East of Constantinople, West of Shanghai

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Back to playing Go

9781400098033I started playing Go because of a novel1.
I read Trevanian’s Shibumi when I was in high school, and I liked it a lot. I knew the man that had translated the novel, and we both were chess players (he was quite good, I sucked pretty bad).
I played a lot of chess in high school – I used to carry a small magnetic chessboard in my bag, and we’d play games during break with some of my schoolmates. We played fast, and it was good training, but I still sucked.

After reading Shibumi (that is an excellent spy story novel) I started looking for a handbook for the game of Go, but in those pre-internet days the going was tough.
The friendly gaming store where I used to buy my roleplaying games had Go boards for sale, at a crazy price, and no handbooks. Continue reading

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The Desert Road to Turkestan

DOL2Last night, I dug out the only Owen Lattimore book I own – 1928 The Desert Road to Turkestan.
Of all the adventurers on the Silk Road I discovered during my researches, Lattimore is probably the one I have more dear.
Maybe it’s because he was subject to much injustice, or because he was a keen observer and a charming storyteller.

Owen Lattimore was born in the USA in 1900. He was raised in China and educated in Switzerland and England. Unable to afford a university education, he got back in China, studied Chinese and was employed by a British commercial firm as jack of all trades and troubleshooter.
A load of wool blocked somewhere in the wild at the whim of a warlord? Send in Lattimore.
He actually liked it. Continue reading


Three on the Silk Road

51DHEESMHZL._SY344_BO1,204,203,200_OK, so I decided to complicate my life some more.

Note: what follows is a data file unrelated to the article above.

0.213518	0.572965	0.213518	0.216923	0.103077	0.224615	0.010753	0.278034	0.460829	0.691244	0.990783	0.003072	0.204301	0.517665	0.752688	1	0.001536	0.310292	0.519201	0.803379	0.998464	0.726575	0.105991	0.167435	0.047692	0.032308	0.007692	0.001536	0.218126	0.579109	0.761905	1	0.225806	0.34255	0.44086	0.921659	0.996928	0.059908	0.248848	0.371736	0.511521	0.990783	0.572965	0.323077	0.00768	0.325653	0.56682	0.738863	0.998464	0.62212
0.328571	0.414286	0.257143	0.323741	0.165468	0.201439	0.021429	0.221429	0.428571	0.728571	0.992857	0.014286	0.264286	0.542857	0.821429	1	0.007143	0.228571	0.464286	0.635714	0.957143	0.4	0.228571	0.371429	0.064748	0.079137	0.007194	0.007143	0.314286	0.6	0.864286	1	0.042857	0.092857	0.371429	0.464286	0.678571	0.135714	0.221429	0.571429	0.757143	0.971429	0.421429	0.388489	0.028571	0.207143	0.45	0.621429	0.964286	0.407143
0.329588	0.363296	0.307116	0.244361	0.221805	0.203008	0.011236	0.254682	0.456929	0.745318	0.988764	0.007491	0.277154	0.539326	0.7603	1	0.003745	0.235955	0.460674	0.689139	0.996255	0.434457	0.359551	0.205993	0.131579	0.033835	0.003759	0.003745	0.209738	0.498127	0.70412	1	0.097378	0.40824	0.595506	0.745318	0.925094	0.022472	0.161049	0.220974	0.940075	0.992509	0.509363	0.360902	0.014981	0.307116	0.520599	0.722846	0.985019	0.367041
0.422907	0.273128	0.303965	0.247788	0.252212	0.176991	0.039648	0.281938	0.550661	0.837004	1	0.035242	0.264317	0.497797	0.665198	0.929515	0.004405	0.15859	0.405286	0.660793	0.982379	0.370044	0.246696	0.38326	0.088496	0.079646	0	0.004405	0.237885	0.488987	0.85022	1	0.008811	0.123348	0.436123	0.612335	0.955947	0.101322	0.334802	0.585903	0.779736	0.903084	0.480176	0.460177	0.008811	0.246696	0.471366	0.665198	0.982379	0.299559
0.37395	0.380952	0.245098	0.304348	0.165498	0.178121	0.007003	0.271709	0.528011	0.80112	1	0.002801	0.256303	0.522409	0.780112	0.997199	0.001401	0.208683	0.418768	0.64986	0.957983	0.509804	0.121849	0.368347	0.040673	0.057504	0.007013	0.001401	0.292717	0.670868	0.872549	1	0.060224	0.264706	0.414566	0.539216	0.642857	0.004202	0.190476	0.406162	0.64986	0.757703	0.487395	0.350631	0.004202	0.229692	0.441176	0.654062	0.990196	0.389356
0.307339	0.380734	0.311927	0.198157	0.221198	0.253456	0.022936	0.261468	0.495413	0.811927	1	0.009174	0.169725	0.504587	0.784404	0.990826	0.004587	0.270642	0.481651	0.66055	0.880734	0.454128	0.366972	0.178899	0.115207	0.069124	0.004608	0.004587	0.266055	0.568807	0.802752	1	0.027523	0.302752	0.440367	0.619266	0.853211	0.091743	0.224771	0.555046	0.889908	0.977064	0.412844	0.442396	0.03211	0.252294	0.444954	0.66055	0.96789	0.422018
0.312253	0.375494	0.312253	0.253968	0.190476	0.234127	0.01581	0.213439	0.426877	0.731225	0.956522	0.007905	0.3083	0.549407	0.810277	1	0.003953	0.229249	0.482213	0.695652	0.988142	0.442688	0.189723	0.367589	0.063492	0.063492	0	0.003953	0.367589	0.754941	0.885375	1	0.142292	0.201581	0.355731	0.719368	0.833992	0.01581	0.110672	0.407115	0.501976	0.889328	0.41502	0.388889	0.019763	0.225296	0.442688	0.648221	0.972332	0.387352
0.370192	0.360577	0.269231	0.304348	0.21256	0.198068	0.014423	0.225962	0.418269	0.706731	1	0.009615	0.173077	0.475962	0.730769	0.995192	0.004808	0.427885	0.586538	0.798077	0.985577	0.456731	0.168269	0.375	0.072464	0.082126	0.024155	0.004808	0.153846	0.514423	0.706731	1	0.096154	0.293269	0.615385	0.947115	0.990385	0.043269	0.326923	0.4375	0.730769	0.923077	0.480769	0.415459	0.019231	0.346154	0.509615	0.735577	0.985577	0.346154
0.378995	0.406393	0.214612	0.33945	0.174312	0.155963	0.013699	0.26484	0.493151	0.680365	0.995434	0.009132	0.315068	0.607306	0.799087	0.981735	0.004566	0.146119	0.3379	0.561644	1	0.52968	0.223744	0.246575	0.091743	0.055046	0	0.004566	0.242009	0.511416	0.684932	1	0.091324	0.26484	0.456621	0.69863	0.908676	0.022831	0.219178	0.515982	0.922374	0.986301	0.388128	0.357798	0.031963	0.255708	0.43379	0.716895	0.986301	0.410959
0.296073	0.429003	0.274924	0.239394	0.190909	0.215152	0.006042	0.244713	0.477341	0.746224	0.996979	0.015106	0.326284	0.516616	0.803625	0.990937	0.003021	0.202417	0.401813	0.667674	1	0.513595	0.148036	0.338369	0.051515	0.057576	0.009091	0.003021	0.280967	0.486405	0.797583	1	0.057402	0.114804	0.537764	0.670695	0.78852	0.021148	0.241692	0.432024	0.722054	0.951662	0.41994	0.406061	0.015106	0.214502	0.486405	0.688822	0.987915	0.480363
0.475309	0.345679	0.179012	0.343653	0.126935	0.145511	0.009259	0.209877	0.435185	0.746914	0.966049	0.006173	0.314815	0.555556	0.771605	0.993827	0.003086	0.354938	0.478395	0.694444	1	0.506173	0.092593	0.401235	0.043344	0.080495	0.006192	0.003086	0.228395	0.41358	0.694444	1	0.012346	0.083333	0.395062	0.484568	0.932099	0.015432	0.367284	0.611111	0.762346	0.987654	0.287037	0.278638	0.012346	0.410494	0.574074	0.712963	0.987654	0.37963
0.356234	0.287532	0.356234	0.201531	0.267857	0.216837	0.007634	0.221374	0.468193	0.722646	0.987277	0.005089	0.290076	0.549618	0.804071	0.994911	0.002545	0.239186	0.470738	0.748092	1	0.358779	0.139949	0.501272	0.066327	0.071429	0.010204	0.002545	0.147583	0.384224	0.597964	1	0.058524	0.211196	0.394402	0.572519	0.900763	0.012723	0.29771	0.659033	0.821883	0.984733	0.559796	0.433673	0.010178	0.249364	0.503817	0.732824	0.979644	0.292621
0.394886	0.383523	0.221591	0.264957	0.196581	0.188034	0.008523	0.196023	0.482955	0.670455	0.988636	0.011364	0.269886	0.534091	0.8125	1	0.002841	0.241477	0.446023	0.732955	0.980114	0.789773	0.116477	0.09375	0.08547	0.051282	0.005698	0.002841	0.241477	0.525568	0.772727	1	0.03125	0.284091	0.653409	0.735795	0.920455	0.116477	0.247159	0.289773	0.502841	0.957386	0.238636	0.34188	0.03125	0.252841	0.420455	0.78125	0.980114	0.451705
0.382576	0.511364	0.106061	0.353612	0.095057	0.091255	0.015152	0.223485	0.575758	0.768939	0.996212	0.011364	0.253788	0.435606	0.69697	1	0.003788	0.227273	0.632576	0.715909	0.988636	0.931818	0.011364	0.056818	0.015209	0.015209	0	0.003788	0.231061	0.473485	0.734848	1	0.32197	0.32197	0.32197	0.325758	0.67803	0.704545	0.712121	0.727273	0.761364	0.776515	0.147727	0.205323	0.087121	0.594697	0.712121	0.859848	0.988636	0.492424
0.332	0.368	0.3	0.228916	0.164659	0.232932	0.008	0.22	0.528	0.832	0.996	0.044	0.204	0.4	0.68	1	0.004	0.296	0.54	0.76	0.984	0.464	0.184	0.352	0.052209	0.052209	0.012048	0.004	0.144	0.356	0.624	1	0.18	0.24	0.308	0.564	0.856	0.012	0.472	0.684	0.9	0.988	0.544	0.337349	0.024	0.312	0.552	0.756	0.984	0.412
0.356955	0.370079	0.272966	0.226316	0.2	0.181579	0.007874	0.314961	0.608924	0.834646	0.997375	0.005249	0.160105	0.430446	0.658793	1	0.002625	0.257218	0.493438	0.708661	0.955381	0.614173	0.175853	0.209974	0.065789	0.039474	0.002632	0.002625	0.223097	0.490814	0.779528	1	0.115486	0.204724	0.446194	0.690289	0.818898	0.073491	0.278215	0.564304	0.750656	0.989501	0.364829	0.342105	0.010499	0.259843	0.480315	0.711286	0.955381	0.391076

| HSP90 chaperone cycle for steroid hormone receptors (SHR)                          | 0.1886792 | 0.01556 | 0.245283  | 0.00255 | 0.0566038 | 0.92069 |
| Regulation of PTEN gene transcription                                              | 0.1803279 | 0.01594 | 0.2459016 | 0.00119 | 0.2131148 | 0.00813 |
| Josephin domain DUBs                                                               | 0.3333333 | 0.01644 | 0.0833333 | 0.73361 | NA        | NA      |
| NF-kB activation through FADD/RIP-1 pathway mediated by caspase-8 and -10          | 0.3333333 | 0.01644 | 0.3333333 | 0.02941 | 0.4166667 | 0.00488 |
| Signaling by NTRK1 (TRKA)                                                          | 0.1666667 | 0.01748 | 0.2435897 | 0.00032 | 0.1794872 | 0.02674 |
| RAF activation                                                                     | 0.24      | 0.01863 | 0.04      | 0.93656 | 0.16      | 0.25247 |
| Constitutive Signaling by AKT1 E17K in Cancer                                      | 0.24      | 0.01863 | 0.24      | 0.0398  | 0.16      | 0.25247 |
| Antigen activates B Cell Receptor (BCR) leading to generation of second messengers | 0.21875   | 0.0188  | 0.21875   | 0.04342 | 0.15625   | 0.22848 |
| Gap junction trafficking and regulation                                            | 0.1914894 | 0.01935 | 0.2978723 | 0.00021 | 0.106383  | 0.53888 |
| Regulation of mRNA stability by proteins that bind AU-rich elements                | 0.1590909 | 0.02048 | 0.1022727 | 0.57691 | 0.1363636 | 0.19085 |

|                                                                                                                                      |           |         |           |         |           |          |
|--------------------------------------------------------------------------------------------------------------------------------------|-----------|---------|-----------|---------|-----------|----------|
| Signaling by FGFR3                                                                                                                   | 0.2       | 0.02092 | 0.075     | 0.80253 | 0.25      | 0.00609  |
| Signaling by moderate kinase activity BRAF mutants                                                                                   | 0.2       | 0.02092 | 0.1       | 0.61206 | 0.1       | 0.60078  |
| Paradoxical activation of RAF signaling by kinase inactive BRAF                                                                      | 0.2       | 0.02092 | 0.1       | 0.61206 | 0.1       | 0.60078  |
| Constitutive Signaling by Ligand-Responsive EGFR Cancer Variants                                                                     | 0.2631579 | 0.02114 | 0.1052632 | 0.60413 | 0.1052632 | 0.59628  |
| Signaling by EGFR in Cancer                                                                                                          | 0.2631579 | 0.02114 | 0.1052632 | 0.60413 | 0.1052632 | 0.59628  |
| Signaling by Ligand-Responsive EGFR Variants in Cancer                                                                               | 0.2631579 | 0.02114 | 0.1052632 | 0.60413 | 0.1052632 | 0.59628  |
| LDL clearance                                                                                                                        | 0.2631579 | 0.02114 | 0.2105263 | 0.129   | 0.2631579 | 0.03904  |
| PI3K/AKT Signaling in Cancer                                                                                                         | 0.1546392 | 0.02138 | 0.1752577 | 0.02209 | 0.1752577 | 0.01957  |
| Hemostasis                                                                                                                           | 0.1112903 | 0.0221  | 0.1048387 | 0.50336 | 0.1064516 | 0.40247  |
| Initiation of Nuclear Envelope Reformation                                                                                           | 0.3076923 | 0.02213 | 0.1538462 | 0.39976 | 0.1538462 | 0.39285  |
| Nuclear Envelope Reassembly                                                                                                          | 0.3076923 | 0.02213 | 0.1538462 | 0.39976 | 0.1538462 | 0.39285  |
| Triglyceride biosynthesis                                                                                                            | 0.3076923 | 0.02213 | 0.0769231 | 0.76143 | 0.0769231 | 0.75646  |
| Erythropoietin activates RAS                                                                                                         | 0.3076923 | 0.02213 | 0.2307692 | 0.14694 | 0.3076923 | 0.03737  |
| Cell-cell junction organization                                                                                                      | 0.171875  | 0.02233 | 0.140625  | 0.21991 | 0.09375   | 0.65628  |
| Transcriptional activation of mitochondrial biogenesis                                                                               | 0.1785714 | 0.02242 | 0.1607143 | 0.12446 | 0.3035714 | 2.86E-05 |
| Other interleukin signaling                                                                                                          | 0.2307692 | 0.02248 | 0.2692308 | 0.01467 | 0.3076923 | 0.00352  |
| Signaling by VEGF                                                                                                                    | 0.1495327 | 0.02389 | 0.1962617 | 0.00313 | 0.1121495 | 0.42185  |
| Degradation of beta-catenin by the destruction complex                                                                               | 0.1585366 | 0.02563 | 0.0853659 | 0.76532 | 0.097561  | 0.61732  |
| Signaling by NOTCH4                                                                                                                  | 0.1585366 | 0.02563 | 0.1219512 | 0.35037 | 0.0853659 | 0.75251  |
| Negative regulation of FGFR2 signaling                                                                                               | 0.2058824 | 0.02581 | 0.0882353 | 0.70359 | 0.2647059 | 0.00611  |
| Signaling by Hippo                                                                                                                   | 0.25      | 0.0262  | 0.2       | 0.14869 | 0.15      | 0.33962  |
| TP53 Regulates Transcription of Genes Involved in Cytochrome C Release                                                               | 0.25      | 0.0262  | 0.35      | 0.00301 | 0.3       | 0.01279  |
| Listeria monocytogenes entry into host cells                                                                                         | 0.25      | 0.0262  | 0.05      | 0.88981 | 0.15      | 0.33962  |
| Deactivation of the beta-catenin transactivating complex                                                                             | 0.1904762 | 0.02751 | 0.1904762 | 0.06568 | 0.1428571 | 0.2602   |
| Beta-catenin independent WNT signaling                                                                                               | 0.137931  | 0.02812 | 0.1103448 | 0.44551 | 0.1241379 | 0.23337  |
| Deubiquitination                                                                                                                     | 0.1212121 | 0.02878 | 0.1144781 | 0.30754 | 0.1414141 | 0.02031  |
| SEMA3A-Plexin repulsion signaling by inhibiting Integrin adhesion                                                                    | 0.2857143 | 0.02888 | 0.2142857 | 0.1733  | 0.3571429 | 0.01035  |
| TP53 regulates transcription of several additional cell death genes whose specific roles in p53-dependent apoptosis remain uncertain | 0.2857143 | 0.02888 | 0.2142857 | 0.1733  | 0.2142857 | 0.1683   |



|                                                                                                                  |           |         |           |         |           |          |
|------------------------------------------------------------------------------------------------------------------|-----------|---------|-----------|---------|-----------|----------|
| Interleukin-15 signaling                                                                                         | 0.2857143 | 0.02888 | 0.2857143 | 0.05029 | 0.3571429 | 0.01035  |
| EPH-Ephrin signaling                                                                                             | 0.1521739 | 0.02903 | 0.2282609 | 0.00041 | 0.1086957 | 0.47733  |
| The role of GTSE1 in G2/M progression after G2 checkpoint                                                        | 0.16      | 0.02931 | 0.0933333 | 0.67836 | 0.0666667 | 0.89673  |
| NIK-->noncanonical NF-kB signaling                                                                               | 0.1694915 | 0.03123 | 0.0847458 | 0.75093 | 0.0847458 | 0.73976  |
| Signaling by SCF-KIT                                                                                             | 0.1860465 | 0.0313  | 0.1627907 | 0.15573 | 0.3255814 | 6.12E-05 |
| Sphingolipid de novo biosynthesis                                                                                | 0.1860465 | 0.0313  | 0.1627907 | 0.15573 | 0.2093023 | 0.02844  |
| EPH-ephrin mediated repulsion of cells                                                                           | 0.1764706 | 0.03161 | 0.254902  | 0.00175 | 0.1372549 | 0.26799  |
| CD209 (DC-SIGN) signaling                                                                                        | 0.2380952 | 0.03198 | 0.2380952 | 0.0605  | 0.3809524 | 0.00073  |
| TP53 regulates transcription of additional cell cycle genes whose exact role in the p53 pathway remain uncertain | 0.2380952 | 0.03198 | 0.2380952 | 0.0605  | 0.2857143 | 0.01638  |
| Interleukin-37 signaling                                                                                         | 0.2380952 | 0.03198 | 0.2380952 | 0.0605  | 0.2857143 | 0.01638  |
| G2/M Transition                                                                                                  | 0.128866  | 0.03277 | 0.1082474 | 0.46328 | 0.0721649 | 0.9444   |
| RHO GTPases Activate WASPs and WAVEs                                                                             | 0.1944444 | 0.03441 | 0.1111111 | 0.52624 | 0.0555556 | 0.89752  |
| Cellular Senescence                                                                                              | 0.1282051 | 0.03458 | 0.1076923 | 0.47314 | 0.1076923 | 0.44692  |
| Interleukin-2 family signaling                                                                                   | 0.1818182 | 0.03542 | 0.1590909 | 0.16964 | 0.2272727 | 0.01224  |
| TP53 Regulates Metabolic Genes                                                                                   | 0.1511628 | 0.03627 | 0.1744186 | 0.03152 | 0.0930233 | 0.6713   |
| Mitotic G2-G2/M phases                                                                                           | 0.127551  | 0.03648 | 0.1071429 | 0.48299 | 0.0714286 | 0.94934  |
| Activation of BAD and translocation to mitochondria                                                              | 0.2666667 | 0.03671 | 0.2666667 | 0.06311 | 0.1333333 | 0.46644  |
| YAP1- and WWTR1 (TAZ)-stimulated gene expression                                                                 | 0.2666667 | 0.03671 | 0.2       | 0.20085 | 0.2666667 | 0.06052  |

And this time I’m complicating my life for you, dear Karavansara readers.
I hope you are moved by  this.

As I mentioned, one of the “minor” (but not minor at all) gifts I got for Christmas is Stuart StevensNight Train to Turkestan.
That is an attempt at retracing the road followed by Peter Fleming and Ella Maillart in their famous China-to-India (by way of Afghanistan) journey, in 1935.

Now, the interesting bit is – both Fleming and Maillart wrote about their experiences on the road.

Continue reading

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Great (Free) Read about the Silk Road (and more)

Cover Archäologie Weltweit 1-2015 enI’m having lots of fun with the latest issue of Archaeology Worldwide, the Magazine of the German Archaeological Institute.
The mag is available for free, in both German and English, in pdf format.

The current issue covers a topic that’s close to my studies as a paleontologist – the applications of Natural Sciences to Archaeology.
But the title story, “Metropolises and Empires”, is a great selection of articles to subjects of interest to Karavansara readers: from Alexander the Great to the Mongol Empire, starting with a highly interesting piece on the Sogdians and their commerces as a way station along the Silk Road.
Plus, a wonderful feature on lost or forgotten pieces of Roman art in old archive photographs.
Food for thought and germs of ideas for stories and gaming scenarios – but also a good way ti spend a few hours exploring the world from my chair.

The whole, with some gorgeous photographs included.

Große innere Mauer der Ming-Zeit nahe der chinesischen Hauptstadt Peking

Well worth a look!

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Pulp History – the legend of the False Lama

English: Ja Lama

English: Ja Lama (Photo credit: Wikipedia)

They called him the Avenging Lama or the False Lama, and said he had no navel.

A number of weird characters – adventurers, maverick scientists, bona fide gods – ran footloose in that area comprised between China, Russia, Tibet and Mongolia, in the final years of 19th century and in the early 20th. Their lives and adventurea have long been one of my interests.

Among the gods – or at least demi-gods – Ja Lama is one of the least famous, and most colorful. Continue reading